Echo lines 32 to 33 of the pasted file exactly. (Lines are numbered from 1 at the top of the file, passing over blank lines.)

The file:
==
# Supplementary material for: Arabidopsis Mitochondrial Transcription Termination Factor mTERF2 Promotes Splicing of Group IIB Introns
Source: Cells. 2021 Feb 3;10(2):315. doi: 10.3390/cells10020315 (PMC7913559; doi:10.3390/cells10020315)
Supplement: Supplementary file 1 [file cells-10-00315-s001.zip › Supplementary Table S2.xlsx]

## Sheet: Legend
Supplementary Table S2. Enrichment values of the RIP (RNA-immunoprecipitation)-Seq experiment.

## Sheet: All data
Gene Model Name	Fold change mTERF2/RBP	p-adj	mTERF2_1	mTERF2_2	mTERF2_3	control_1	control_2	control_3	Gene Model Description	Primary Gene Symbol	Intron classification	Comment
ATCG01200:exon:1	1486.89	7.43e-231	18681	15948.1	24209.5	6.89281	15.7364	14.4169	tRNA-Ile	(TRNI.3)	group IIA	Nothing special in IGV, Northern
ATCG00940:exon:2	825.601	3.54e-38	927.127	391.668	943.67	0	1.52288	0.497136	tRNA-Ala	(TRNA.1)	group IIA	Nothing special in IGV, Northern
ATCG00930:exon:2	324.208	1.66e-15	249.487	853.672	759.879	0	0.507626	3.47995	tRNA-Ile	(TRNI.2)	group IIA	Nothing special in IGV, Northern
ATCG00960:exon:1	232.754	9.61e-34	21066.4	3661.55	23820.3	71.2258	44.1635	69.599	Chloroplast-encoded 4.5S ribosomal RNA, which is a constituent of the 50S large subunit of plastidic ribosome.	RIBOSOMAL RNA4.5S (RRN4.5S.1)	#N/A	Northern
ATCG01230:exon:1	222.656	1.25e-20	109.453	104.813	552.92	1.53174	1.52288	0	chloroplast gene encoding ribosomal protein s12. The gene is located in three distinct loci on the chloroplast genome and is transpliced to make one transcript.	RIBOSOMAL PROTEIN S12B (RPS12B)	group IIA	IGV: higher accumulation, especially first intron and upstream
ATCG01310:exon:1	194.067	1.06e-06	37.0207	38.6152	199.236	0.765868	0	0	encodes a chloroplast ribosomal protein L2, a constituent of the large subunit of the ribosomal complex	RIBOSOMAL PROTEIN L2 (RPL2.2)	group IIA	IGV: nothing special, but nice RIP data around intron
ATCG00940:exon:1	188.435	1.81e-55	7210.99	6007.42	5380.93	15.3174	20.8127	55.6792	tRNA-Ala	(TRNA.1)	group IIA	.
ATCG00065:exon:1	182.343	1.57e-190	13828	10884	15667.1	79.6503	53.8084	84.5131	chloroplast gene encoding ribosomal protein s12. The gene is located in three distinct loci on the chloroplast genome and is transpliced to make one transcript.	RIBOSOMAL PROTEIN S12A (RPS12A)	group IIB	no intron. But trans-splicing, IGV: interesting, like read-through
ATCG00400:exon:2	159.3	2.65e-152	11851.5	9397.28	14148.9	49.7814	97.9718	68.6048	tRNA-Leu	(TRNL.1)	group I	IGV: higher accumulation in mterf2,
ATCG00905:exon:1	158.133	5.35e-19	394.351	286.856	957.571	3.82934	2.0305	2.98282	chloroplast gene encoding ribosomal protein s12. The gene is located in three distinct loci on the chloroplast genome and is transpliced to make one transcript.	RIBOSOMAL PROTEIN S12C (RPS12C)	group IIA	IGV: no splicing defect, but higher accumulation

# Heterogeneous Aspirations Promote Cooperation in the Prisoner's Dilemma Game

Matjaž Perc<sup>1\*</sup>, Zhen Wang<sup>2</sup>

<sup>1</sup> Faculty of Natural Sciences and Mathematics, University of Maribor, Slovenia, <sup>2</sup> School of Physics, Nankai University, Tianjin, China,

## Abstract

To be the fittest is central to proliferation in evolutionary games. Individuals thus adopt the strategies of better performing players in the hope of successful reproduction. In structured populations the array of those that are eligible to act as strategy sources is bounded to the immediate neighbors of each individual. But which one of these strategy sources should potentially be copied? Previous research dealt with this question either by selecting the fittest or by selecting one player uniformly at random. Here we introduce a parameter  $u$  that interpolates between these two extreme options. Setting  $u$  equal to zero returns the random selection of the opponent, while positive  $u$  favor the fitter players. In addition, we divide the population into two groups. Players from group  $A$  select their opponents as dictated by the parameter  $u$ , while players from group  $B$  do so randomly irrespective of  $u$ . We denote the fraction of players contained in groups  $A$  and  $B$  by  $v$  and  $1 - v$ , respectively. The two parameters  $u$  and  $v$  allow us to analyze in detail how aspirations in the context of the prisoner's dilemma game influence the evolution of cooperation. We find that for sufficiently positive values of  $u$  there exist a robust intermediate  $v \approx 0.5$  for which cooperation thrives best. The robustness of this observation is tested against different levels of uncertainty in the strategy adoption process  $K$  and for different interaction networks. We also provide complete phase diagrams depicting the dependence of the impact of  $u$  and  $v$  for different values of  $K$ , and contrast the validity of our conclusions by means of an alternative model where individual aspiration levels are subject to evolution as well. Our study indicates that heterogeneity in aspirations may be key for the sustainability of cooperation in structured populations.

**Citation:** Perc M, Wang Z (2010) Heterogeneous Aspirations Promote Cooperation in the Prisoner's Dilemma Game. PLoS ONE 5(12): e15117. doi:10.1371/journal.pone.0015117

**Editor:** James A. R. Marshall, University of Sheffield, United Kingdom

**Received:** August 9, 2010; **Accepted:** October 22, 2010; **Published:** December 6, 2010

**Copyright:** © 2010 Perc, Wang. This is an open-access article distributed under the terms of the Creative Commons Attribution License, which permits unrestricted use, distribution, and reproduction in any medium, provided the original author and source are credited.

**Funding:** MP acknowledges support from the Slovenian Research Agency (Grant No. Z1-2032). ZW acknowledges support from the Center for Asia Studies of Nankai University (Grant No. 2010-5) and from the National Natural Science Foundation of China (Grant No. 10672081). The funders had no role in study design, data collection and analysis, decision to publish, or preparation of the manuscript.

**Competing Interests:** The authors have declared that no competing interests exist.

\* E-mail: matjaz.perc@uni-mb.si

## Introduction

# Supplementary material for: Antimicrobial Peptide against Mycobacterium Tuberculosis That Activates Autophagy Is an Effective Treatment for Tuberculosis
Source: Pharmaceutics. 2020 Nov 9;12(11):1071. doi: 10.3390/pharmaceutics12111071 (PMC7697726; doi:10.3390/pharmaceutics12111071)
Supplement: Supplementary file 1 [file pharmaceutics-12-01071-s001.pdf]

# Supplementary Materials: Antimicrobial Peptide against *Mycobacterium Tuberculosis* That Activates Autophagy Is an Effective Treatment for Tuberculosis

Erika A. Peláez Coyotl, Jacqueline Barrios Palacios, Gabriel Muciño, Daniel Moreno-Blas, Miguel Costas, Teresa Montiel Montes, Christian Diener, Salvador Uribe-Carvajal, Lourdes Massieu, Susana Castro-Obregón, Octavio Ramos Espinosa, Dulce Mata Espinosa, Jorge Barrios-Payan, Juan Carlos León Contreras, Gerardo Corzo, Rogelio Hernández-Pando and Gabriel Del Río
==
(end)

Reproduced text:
Source: Pharmaceutics. 2020 Nov 9;12(11):1071. doi: 10.3390/pharmaceutics12111071 (PMC7697726; doi:10.3390/pharmaceutics12111071)
Supplement: Supplementary file 1 [file pharmaceutics-12-01071-s001.pdf]